To effectively manage compliance risks, businesses should implement robust risk management practices. This starts with developing a comprehensive risk management framework that aligns with the regulatory requirements specific to their industry. Companies need to foster a culture of compliance, ensuring that employees are well-trained and aware of their responsibilities.

roles and responsibilities of risk officers in compliance

Chief risk officers (CROs) play a vital role in bridging the gap between compliance requirements and business objectives. They work closely with other executives to align risk management strategies with overall business goals. For instance, the Committee of Sponsoring Organizations of the Treadway Commission (COSO) framework is often utilized to integrate enterprise risk management (ERM) with internal control processes.

case study: effective compliance risk management

Citi's approach to compliance risk management is a noteworthy example. Following a series of regulatory challenges, Citi overhauled its risk management framework to enhance compliance and mitigate risks. By adopting advanced risk assessment tools and fostering a strong compliance culture, Citi significantly reduced its exposure to compliance risks, demonstrating the importance of proactive risk management strategies.

expert insights on navigating compliance challenges

Richard Thomas, a renowned compliance expert, emphasizes the importance of a proactive approach: "Businesses must not only react to compliance issues but anticipate them. This requires continuous monitoring and adaptation to changing regulations." His insights underline the necessity of staying updated with regulatory changes and adapting risk management strategies accordingly.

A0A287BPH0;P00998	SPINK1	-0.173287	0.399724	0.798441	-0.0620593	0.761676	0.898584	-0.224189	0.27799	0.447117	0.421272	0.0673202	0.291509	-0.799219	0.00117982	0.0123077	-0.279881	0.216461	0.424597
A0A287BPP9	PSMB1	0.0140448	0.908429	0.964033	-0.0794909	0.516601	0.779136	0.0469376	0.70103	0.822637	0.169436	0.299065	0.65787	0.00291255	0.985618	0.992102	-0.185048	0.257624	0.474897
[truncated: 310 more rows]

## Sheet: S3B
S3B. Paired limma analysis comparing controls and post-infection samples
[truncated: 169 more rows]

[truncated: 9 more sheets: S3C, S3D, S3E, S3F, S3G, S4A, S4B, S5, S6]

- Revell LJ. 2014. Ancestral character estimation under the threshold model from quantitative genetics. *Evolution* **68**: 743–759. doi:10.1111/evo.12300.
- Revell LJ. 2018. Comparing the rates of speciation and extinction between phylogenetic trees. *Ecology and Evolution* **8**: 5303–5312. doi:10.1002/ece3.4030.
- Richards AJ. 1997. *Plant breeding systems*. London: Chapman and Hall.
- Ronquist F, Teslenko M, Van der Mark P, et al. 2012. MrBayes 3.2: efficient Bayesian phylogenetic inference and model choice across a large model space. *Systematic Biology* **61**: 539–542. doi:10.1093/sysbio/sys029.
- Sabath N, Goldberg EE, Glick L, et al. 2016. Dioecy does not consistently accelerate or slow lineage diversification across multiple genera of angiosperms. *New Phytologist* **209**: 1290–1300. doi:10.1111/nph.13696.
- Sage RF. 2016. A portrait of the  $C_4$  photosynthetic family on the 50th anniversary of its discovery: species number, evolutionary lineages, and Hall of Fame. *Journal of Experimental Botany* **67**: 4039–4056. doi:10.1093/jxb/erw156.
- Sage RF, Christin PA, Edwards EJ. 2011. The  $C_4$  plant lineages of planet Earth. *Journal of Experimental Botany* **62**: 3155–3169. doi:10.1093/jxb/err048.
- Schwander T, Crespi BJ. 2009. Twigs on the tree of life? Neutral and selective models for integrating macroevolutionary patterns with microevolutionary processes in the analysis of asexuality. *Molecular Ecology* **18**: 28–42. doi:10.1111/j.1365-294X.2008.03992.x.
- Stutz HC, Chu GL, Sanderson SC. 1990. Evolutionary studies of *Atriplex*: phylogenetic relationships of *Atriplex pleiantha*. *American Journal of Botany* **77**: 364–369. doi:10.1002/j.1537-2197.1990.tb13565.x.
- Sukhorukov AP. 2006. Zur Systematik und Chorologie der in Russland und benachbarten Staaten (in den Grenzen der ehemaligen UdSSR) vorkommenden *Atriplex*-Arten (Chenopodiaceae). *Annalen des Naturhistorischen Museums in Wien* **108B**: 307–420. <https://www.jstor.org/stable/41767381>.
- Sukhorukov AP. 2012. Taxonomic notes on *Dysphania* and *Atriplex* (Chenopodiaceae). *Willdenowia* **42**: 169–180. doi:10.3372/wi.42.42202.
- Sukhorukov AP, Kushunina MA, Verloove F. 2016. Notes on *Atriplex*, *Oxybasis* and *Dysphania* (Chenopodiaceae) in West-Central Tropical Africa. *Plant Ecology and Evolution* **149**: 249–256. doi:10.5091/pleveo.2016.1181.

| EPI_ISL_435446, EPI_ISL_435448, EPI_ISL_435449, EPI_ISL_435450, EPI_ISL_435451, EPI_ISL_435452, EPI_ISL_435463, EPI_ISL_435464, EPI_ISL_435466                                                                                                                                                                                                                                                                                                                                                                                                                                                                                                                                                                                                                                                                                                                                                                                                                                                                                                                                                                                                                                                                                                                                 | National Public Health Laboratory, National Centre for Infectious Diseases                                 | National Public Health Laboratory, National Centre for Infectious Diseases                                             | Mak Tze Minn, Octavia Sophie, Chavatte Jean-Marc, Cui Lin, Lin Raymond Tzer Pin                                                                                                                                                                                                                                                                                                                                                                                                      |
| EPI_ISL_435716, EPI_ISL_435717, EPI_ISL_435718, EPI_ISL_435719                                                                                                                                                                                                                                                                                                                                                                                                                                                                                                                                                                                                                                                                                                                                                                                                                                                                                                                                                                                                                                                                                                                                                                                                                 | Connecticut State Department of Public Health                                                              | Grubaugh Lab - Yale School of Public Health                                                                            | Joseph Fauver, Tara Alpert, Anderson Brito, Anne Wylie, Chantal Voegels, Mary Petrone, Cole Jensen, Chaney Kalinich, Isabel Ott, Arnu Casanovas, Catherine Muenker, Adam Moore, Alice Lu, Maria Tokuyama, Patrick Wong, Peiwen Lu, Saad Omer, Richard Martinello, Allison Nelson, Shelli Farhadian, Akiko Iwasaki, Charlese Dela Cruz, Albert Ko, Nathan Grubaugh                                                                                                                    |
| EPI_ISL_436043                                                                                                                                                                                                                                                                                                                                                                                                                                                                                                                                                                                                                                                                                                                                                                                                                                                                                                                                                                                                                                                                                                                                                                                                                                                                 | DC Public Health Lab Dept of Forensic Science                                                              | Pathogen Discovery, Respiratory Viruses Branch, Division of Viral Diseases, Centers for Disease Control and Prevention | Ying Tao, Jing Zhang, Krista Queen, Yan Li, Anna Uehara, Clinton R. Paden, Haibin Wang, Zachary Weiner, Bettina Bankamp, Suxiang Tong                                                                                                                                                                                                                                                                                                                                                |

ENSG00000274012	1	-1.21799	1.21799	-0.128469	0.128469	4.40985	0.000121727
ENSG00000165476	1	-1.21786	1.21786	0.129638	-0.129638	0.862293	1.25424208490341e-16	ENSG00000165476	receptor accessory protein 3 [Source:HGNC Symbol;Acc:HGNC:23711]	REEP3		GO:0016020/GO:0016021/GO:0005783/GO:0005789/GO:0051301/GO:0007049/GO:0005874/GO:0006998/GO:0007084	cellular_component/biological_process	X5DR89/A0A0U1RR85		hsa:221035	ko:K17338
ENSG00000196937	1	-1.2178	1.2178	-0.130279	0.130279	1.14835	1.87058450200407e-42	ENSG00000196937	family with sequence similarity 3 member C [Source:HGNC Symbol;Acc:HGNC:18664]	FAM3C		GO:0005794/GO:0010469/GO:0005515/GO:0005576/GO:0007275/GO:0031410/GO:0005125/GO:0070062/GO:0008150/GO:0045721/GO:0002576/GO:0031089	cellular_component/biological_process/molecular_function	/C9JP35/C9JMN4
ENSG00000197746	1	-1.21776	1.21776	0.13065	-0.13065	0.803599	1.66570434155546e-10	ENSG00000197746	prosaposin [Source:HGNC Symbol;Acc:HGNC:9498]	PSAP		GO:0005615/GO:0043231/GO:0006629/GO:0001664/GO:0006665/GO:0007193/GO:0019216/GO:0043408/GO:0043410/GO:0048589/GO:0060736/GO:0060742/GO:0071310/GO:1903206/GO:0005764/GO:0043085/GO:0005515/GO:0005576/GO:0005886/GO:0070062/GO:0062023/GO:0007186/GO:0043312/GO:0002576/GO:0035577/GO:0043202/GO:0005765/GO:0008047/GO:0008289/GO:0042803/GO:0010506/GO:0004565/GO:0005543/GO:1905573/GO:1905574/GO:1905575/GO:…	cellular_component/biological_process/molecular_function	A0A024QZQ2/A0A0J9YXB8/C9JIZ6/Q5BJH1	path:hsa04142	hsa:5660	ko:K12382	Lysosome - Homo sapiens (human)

the role of technology in compliance risk mitigation

Technological advancements have revolutionized compliance risk management. Tools such as automated compliance software and AI-driven analytics help businesses monitor and manage compliance risks efficiently. These technologies enable real-time tracking of regulatory changes, ensuring businesses remain compliant and avoid potential penalties.

future outlook on compliance risk management

With the regulatory landscape continually evolving, businesses must remain agile in their approach to compliance risk management. The future will likely see greater reliance on technology, an increasing focus on data privacy regulations, and the need for more integrated risk management frameworks. By staying ahead of these trends, companies can better manage compliance risks and achieve sustainable growth.

Future trends in risk management

predictive analytics and artificial intelligence